If your child is diagnosed with growth hormone deficiency (GHD), you’ll likely have many questions before you start treatment with growth hormone injections. After all, your child is about to embark on a treatment journey that could last for many years.
Your child’s pediatrician may refer you to a pediatric endocrinologist who specializes in treating children with hormone disorders.
Here are some questions to ask at your next visit.
How much growth should I expect from the growth hormone treatments?
Over time, you’ll see your child grow, but you shouldn’t expect growth to happen overnight. You and your child’s doctor can discuss realistic short- and long-term expectations for growth and any other changes that might happen once treatment starts.
What’s the best way to give injections?
A pediatrician who has experience treating children with GHD will likely have some tips and tricks for giving growth hormone injections. This can include ways to keep your child calm and minimize pain and bruising. They can also show you the best places on your child’s body to give the injections and explain how to rotate injection sites.
What devices are available?
There are many approved devices for giving growth hormone injections. You’ll likely hear the devices described as electronic, automatic, needle-free, manual, ready-to-use, or disposable.
Each device has its pros and cons. Talk to your child’s doctor about the individual features of each device to help decide which one is best for your child.
What is a growth chart?
Pediatricians usually track a child’s growth using growth charts. These charts allow them to compare growth to other children of the same age over time. If you’ve ever seen a growth chart, you’ll notice that it includes a lot of different measurements, as well as straight and curvy lines.
Sit down with your child’s doctor so they can explain how to read the growth chart and what information can be gathered from it.
What will happen at future appointments?
At each visit, your child’s doctor will likely be measuring and recording your child’s growth on a growth chart. Depending on your child’s progress, the doctor may also need to adjust the dose of growth hormone.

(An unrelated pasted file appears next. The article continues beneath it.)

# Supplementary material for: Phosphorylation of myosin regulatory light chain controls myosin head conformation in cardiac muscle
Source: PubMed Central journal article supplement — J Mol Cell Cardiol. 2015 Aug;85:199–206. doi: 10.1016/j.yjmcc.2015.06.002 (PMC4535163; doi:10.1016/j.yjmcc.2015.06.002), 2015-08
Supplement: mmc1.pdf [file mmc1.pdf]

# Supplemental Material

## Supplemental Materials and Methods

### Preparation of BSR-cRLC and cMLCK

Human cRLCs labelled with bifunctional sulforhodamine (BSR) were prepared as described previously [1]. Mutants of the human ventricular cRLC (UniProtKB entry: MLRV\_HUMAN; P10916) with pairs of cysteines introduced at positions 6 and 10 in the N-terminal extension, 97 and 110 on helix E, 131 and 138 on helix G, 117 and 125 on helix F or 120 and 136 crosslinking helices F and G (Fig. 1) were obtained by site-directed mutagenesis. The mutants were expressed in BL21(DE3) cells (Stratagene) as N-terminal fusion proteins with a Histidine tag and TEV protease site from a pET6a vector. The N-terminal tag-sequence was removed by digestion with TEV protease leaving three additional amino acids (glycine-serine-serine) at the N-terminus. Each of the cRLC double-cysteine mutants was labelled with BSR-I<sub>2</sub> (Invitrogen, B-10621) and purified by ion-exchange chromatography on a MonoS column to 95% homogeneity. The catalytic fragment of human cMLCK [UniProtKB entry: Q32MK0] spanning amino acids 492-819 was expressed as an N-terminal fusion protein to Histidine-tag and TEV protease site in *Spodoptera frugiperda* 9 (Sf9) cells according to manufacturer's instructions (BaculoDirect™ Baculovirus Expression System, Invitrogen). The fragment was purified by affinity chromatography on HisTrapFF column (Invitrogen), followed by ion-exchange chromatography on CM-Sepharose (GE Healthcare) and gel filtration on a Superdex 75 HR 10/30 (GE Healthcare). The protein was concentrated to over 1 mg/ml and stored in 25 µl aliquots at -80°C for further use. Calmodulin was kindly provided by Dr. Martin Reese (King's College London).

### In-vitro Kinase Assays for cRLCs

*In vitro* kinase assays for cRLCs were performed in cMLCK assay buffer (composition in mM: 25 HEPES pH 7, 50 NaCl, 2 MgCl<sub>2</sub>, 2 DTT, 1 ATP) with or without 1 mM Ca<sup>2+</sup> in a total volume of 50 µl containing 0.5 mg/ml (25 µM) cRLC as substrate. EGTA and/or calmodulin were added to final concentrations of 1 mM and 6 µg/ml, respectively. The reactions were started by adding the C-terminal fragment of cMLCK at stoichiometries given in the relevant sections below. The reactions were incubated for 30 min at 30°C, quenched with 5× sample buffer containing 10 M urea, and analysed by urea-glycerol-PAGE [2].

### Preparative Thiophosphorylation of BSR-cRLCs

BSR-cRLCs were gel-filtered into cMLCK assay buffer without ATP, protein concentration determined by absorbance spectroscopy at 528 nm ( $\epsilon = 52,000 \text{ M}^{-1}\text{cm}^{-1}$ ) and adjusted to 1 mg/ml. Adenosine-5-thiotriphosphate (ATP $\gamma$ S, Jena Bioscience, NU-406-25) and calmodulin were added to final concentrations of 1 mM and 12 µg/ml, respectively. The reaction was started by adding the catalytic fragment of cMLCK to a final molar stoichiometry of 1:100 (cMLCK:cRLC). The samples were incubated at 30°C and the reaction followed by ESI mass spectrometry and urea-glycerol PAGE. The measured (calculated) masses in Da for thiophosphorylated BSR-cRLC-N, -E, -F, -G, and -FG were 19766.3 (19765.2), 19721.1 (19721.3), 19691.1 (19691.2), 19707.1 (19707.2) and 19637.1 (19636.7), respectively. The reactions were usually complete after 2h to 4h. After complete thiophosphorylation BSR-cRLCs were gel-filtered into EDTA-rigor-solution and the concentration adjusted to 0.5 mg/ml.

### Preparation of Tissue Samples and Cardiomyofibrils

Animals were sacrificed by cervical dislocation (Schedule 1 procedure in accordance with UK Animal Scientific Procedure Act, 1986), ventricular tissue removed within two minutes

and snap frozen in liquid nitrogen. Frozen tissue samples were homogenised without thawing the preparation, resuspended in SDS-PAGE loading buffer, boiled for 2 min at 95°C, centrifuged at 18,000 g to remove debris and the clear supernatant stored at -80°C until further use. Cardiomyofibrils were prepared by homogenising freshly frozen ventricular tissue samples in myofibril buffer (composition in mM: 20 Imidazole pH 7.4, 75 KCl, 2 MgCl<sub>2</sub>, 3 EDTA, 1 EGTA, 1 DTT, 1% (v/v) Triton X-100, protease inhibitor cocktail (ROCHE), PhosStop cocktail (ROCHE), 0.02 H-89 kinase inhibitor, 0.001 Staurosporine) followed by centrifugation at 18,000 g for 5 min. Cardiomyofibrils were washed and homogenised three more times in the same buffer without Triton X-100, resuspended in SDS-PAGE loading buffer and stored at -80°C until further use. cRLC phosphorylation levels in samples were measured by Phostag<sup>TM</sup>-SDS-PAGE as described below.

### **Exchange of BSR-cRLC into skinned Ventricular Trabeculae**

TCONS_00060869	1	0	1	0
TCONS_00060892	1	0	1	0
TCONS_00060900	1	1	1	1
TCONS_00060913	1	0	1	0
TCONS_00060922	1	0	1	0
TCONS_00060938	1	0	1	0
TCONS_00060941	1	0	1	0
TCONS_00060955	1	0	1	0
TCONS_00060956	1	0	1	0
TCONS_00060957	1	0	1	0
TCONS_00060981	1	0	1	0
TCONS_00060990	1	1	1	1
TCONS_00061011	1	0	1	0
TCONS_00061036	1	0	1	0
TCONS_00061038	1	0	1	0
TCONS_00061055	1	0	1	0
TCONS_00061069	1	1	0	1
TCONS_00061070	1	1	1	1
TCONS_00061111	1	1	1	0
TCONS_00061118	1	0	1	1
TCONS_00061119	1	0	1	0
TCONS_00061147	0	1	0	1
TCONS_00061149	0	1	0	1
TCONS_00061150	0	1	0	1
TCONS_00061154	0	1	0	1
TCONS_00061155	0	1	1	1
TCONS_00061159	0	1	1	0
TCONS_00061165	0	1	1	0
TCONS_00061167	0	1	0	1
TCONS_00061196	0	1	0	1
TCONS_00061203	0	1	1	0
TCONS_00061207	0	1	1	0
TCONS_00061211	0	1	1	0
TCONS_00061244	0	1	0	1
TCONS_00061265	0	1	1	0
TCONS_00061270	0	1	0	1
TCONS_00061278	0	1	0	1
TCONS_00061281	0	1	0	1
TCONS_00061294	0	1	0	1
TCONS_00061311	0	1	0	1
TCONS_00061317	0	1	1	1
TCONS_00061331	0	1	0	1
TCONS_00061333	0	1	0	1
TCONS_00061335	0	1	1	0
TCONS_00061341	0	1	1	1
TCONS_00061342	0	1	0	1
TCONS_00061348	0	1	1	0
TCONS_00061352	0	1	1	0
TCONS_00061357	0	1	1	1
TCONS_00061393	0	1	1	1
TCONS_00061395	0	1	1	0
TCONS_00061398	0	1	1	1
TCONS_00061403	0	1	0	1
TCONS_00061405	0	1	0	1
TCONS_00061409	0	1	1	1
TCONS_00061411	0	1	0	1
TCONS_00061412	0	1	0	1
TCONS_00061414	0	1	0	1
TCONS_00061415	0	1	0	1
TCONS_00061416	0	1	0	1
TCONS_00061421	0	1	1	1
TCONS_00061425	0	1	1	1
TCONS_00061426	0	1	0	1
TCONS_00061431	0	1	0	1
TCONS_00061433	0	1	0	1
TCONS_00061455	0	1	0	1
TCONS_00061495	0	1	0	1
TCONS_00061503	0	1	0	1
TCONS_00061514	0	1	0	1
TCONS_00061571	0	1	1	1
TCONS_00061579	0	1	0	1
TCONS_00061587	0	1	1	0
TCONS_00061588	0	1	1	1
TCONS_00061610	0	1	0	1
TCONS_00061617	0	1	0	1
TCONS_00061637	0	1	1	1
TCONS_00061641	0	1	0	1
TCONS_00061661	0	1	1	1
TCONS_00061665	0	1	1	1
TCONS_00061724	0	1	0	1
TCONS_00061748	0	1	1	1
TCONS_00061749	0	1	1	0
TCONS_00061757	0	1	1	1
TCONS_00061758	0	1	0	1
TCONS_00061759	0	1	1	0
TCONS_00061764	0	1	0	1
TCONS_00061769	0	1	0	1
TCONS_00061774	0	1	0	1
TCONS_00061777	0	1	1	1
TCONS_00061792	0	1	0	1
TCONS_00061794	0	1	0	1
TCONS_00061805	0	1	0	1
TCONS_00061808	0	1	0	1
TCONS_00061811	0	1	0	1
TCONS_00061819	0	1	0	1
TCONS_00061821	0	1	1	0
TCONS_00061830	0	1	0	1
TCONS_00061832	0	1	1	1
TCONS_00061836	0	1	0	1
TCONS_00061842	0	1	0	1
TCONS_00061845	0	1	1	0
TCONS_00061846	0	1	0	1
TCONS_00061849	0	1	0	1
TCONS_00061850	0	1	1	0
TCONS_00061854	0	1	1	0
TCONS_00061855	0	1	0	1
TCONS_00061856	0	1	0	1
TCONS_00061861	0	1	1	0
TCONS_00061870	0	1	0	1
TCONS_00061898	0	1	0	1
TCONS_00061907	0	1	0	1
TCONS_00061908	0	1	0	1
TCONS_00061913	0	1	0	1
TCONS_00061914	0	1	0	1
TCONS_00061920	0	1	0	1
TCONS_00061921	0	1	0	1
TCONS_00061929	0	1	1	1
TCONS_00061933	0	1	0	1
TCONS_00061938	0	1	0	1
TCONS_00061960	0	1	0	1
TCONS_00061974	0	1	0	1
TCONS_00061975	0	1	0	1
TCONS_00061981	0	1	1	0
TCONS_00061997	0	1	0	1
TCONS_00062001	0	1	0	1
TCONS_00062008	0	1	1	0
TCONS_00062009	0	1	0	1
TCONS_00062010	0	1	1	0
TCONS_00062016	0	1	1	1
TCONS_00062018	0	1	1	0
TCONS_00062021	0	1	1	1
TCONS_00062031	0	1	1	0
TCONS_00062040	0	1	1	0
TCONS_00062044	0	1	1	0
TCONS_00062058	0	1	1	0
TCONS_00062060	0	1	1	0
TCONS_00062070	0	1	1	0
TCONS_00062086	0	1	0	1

Future visits might also include testing for bone and metabolic health. Ask the doctor what to expect during future appointments and how often your child will need to go. As your child will likely be under the care of both a pediatrician and an endocrinologist, find out which doctor will manage medication dosing and refills and who to contact for acute and routine questions.
What are the risks and side effects of treatment?
Fortunately, growth hormone injections are considered safe. The most common side effects are headaches and pain and redness at the injection site.
More serious side effects can occur if your child’s dose of growth hormone isn’t quite right for them. Be sure to ask the doctor how to recognize when something is wrong and when you should return for a dose adjustment.
Is my child at risk for other health problems?
People with GHD may be at a higher risk of having metabolic issues in the future, like diabetes and heart disease. They may also have a higher risk of having a bone disease called osteoporosis.
Talk to your child’s pediatrician about potential complications in the future and any steps you can take now to prevent them.
When will treatment stop?
Treatment will likely continue until at least puberty, but some people need to remain on treatment for their entire lives. Your child’s doctor can give you a better idea of how long they expect your child will need growth hormone injections.
What kind of support is available for children and their parents?
Last, but certainly not least, ask your child’s doctor to refer you to support groups for your child and yourself. A diagnosis of GHD can be stressful and alarming for parents at first. It can be very helpful to talk to other parents who have experience with it.
For children with GHD, it can be difficult to be the smallest one out of all of their peers. Many teens with GHD have low self-esteem and may experience bullying in school. It’s important to be aware of your child’s emotional and psychological well-being. Your child’s doctor can recommend counselors or support groups for your child.